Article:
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TREASURIES-Bond prices rise on bargain-hunting, weaker stocks
February 4, 2013 / 4:41 PM / 5 years ago

TREASURIES-Bond prices rise on bargain-hunting, weaker stocks

* Spain, Italy political news revives bids for bonds
    * Bond yields hit nine-month highs in overnight sell-off
    * Fed purchases $3.23 billion Treasuries due 2020-2022
    * U.S. Dec factory orders rise 2.2 percent, less than

    By Richard Leong
    NEW YORK, Feb 4 (Reuters) - U.S. Treasuries prices rose on
Monday as bargain-minded investors emerged and pushed benchmark
yields back below 2 percent after they climbed overnight to
their highest in over nine months.
    A pullback in Wall Street stocks from five-year highs
also rekindled safe-haven appetite for low-risk government debt.
    Last week's sell-off in Treasuries was "overdone," said
Sharon Stark, chief fixed-income strategist at D.A. Davidson in
St. Petersburg, Florida. "Two-percent (yield) is a good buying
opportunity for most investors."
    Through Friday, Treasuries prices suffered their second
weekly decline on an improved outlook for the U.S. economy and
less anxiety about the festering fiscal problems in Europe.
    Cautious investor optimism, which pushed the Dow Jones
industrial average above 14,000 for the first time since
October 2007 on Friday, was challenged over the weekend.
    Worries about possible political shake-ups in Europe and
their effect on the region's fiscal problems resurfaced,
although initially they did not cause knee-jerk safe-haven
buying of low-risk government debt.
    They did cause steady weakness in Italian, Spanish and other
government debt in peripheral euro zone nations. This eventually
revived safe-haven buying of German Bunds, spilling over to the
Treasuries market, analysts said. 
    "The market stabilized on these news from Europe," said
Thomas Roth, executive director of U.S. government bond trading
at Mitsubishi UFJ Securities USA in New York.
    Spain's opposition party on Sunday called for the
resignation of Prime Minister Mariano Rajoy over a corruption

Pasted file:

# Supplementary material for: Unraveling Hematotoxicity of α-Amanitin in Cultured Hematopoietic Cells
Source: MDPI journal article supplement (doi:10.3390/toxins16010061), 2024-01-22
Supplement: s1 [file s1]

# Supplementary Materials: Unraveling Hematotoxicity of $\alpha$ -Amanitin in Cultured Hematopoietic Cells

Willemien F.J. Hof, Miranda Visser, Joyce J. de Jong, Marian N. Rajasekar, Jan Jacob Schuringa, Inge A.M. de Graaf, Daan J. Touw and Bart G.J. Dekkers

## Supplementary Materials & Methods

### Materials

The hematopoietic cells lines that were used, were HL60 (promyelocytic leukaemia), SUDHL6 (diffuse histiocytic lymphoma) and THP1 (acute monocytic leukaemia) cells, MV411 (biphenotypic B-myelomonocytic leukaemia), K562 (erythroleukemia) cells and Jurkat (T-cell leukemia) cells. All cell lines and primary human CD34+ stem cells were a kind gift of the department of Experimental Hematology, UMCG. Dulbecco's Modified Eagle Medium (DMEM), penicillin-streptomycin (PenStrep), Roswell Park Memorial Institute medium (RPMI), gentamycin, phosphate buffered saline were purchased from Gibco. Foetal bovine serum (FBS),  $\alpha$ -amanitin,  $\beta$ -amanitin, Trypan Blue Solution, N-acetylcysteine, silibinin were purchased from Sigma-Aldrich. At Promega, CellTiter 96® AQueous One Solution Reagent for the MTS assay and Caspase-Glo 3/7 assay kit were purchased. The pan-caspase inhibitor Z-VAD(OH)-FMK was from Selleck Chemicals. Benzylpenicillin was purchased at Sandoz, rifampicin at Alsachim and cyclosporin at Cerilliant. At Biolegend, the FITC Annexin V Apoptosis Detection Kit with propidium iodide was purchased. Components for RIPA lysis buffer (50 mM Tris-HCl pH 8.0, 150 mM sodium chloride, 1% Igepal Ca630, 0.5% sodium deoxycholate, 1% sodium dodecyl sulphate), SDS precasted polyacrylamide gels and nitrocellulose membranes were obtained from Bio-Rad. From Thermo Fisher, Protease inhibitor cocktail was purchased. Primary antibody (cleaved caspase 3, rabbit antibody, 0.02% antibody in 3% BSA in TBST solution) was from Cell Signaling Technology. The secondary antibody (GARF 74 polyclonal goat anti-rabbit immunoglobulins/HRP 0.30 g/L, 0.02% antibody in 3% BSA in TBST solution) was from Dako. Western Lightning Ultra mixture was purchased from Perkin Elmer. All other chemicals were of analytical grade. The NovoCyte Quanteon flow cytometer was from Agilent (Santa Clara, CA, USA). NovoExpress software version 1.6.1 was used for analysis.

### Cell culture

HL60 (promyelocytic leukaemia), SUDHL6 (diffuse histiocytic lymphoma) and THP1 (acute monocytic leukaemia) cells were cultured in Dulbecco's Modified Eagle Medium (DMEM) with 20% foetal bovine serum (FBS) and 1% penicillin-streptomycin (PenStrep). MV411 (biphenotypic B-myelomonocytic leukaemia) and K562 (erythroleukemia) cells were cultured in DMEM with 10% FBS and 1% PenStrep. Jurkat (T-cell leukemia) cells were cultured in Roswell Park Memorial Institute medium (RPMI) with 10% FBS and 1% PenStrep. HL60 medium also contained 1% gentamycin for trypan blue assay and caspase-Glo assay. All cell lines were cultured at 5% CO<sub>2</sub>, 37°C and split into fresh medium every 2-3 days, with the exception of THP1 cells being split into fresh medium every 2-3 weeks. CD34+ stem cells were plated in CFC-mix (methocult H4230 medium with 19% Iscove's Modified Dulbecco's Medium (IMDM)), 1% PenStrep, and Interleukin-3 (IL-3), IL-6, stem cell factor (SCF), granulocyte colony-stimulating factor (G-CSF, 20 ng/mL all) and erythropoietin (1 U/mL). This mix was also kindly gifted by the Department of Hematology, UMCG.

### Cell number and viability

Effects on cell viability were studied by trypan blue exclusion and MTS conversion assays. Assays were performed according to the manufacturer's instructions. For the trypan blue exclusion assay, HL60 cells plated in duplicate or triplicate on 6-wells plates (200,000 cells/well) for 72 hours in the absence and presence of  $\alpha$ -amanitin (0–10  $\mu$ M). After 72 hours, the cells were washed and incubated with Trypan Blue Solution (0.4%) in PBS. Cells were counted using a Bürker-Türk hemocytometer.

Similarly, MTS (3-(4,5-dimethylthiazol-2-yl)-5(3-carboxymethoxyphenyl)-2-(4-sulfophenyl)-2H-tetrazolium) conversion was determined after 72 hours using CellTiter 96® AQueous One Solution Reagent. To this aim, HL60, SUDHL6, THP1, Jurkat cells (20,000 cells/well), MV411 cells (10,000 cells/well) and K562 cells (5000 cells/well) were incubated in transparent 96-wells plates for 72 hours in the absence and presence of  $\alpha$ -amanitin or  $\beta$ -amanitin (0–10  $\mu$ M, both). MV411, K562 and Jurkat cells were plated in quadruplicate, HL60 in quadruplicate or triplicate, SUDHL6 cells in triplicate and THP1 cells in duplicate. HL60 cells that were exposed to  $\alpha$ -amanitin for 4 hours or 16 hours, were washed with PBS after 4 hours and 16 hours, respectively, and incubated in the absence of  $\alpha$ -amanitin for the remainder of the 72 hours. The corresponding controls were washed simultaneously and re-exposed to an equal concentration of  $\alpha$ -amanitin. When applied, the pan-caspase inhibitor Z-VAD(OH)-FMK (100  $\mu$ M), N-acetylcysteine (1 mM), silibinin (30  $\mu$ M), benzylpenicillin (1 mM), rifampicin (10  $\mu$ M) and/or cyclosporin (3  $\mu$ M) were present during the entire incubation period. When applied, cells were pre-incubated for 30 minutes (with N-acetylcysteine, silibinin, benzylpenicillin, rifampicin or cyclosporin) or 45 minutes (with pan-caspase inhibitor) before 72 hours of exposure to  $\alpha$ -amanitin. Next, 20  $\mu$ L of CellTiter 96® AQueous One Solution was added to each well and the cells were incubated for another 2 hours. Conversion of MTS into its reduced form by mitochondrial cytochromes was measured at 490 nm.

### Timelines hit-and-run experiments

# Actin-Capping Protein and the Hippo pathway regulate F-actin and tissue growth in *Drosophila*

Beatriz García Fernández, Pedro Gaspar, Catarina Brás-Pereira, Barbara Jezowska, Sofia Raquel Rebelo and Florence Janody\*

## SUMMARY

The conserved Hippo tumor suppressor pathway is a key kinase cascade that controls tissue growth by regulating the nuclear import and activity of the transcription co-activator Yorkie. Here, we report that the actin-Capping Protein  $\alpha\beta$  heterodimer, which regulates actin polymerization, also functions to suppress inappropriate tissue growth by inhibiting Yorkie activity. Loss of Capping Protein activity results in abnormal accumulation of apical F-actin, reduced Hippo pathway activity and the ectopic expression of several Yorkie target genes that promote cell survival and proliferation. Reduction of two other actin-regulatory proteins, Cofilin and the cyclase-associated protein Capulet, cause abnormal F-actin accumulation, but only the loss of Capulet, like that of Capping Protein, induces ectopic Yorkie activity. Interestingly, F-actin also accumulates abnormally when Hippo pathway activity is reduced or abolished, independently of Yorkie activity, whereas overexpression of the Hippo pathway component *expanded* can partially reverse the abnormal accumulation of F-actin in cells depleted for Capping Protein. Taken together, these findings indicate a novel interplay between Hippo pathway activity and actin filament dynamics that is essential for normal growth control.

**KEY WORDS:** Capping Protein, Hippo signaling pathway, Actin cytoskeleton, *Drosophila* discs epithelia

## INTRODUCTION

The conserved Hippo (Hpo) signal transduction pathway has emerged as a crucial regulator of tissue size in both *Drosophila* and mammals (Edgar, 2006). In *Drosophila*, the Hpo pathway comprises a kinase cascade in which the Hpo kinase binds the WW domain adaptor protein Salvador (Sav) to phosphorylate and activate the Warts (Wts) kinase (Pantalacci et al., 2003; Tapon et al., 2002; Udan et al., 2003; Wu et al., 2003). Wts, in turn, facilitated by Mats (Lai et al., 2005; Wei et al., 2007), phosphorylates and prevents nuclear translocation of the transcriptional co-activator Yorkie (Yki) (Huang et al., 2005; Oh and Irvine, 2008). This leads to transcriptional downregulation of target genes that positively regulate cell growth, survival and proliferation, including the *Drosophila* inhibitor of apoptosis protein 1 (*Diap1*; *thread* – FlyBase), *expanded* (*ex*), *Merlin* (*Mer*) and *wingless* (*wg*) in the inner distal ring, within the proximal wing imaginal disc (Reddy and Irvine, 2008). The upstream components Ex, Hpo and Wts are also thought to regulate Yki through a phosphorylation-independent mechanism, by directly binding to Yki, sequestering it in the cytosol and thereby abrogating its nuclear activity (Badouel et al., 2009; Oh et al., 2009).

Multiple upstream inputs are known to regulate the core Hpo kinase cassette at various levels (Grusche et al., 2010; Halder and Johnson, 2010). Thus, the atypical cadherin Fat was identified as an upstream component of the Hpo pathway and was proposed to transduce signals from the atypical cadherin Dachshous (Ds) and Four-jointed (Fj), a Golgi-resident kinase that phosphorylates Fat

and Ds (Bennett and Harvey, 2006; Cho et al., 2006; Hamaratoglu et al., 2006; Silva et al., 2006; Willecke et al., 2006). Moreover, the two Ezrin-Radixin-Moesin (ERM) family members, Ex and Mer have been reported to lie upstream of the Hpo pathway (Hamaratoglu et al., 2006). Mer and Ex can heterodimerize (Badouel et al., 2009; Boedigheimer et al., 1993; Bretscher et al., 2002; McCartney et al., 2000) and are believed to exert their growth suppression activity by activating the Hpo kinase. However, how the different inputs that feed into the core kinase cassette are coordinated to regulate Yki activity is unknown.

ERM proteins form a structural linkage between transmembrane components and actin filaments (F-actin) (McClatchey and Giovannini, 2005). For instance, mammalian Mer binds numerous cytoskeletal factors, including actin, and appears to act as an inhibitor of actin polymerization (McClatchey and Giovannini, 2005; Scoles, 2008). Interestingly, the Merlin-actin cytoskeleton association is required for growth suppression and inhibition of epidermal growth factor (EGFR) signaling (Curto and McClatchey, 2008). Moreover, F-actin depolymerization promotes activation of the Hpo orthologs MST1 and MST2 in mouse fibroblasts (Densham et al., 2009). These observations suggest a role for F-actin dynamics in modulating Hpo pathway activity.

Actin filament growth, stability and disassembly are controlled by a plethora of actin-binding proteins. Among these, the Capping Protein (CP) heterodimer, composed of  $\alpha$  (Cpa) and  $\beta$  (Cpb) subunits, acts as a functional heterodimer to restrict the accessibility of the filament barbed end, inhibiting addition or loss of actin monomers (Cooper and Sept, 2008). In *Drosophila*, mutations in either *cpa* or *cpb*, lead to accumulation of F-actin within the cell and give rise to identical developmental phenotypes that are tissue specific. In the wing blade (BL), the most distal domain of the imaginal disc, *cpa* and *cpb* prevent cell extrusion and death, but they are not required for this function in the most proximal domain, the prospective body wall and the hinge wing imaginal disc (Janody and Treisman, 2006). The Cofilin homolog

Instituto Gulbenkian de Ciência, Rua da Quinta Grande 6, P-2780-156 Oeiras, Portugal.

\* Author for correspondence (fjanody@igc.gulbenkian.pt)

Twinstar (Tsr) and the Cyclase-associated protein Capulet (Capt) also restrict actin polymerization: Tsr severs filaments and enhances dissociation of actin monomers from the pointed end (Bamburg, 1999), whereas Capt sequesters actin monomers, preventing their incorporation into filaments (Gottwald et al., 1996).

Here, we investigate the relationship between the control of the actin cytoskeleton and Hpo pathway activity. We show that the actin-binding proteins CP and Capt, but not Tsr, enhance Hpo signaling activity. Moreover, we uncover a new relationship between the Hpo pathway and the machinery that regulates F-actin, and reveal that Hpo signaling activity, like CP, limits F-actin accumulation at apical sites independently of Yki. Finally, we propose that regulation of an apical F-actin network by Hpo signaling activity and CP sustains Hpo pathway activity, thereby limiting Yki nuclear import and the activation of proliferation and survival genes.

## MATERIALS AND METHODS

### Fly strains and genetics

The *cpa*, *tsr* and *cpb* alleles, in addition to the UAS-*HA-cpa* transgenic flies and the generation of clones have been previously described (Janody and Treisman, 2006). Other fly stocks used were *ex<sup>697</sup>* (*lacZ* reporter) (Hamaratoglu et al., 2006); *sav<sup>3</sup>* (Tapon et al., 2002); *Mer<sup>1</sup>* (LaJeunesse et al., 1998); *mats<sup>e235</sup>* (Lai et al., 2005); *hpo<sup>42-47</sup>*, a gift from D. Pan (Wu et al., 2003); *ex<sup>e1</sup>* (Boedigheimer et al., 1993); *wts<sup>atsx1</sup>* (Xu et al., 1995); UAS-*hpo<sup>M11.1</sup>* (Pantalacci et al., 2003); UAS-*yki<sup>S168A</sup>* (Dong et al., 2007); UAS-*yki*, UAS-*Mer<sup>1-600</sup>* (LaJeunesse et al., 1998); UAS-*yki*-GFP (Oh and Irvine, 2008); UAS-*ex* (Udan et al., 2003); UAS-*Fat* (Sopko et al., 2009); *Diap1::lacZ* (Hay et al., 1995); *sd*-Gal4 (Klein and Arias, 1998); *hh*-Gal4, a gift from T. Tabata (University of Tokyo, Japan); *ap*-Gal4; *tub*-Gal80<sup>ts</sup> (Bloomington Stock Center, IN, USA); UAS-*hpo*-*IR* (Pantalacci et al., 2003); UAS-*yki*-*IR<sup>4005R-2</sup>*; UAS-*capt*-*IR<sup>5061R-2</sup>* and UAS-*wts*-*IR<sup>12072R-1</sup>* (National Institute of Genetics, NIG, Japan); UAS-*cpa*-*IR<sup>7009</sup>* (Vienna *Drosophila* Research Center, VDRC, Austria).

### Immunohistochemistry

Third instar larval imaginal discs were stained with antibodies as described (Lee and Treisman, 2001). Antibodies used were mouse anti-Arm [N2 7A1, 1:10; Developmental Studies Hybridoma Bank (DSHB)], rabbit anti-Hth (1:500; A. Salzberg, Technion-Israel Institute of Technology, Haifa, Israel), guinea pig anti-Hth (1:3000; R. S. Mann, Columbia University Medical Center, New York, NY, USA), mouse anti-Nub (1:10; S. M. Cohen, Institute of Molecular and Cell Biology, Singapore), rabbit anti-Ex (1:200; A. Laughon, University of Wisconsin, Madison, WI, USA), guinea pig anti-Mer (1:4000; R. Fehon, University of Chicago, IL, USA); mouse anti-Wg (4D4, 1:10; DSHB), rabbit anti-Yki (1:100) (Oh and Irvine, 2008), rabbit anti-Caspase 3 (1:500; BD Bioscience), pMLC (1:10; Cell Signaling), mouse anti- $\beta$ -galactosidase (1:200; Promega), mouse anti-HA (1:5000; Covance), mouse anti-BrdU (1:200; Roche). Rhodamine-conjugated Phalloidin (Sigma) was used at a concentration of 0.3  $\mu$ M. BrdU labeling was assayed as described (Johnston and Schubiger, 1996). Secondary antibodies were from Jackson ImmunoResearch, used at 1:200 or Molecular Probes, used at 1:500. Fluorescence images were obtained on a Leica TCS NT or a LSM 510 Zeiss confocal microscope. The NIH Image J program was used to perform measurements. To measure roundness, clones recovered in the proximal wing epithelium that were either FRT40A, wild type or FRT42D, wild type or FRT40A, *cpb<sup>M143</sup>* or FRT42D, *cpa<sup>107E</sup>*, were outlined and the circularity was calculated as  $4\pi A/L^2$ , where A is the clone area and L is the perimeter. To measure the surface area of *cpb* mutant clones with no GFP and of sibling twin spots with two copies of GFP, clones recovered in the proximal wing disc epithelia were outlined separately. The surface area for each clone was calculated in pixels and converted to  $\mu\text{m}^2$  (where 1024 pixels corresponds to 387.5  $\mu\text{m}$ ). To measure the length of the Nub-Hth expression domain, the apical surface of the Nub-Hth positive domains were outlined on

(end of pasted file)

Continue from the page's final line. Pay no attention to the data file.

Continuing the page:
scandal, as Rajoy sought to pull the euro zone's fourth-biggest
economy out of five years of financial woes. 
    In Italy, the increased popularity of former prime minister
Silvio Berlusconi and his chances of regaining power also raised
worries about Italy's struggle to fix its fiscal problems.
    Benchmark 10-year U.S. Treasury notes were 16/32
higher in price at 96-31/32 with a yield of 1.966 percent, down
5.9 basis points from late on Friday.
    The 10-year yield earlier climbed to 2.059 percent, its
highest since last April 12 when it touched an intraday peak of
2.065 percent, according to Reuters data.
    The 30-year bond was up 1-2/32 in price,
yielding 3.169 percent, down 5.9 basis points from Friday's
close and down 8.5 basis points from its session high.
    The yield on 10-year Italian government notes 
rose 15 basis points near 4.50 percent, the highest since late
December, while the yield on 10-year Spanish sovereign debt
 jumped a quarter point to 5.44 percent. 
    On Wall Street, the Dow was down 0.8 percent to a little
below 14,000, while the Standard & Poor's 500 index was
nearly 0.9 percent lower, hovering just above 1,500. 
    Other factors that could propel bond prices higher this week
included the absence of new longer-dated government debt supply
and regular bond purchases by the Federal Reserve aimed at
supporting the economic recovery, traders and analysts said.
    The U.S. central bank will buy $3.23 billion in Treasuries
that mature between February 2020 and November 2022, part of its
$44 billion purchase of Treasuries in February.
    On the data front, a weaker-than-expected 1.8 percent
increase in U.S. factory orders undercut hopes of a pickup in
the economic recovery in the wake of Friday's payrolls report
and survey on manufacturing activity.
    Moreover, some analysts cautioned the lack of a deal in
Washington to avert deep spending cuts set to kick in next month
could be a drag on the U.S. economy. These cuts, which would
total $112 billion in 2013, will likely hold bond yields at
their current levels, they said.

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